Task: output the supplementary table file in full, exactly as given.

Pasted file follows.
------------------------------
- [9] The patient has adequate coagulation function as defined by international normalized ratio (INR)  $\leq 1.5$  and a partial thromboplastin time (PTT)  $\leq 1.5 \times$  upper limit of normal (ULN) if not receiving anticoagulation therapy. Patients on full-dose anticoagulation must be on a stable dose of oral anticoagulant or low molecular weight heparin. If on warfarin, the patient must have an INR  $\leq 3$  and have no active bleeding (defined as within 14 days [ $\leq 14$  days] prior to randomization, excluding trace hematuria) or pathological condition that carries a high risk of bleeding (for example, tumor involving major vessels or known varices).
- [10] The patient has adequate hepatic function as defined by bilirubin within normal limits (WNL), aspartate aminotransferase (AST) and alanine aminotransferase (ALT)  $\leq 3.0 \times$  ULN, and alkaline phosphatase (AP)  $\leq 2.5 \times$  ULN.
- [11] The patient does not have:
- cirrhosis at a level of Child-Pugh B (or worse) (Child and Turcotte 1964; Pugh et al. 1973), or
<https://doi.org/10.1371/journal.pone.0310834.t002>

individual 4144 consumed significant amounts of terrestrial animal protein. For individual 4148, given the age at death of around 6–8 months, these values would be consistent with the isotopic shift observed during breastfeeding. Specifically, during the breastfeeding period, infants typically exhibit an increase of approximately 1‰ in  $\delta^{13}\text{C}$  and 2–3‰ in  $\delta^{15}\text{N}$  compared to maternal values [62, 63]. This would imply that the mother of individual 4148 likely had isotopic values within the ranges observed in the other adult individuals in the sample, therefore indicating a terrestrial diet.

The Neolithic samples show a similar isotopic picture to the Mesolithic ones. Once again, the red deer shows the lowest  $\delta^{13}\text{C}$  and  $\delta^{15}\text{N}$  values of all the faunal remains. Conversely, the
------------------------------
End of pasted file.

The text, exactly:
- [9] The patient has adequate coagulation function as defined by international normalized ratio (INR)  $\leq 1.5$  and a partial thromboplastin time (PTT)  $\leq 1.5 \times$  upper limit of normal (ULN) if not receiving anticoagulation therapy. Patients on full-dose anticoagulation must be on a stable dose of oral anticoagulant or low molecular weight heparin. If on warfarin, the patient must have an INR  $\leq 3$  and have no active bleeding (defined as within 14 days [ $\leq 14$  days] prior to randomization, excluding trace hematuria) or pathological condition that carries a high risk of bleeding (for example, tumor involving major vessels or known varices).
- [10] The patient has adequate hepatic function as defined by bilirubin within normal limits (WNL), aspartate aminotransferase (AST) and alanine aminotransferase (ALT)  $\leq 3.0 \times$  ULN, and alkaline phosphatase (AP)  $\leq 2.5 \times$  ULN.
- [11] The patient does not have:
- cirrhosis at a level of Child-Pugh B (or worse) (Child and Turcotte 1964; Pugh et al. 1973), or
<https://doi.org/10.1371/journal.pone.0310834.t002>

individual 4144 consumed significant amounts of terrestrial animal protein. For individual 4148, given the age at death of around 6–8 months, these values would be consistent with the isotopic shift observed during breastfeeding. Specifically, during the breastfeeding period, infants typically exhibit an increase of approximately 1‰ in  $\delta^{13}\text{C}$  and 2–3‰ in  $\delta^{15}\text{N}$  compared to maternal values [62, 63]. This would imply that the mother of individual 4148 likely had isotopic values within the ranges observed in the other adult individuals in the sample, therefore indicating a terrestrial diet.

The Neolithic samples show a similar isotopic picture to the Mesolithic ones. Once again, the red deer shows the lowest  $\delta^{13}\text{C}$  and  $\delta^{15}\text{N}$  values of all the faunal remains. Conversely, the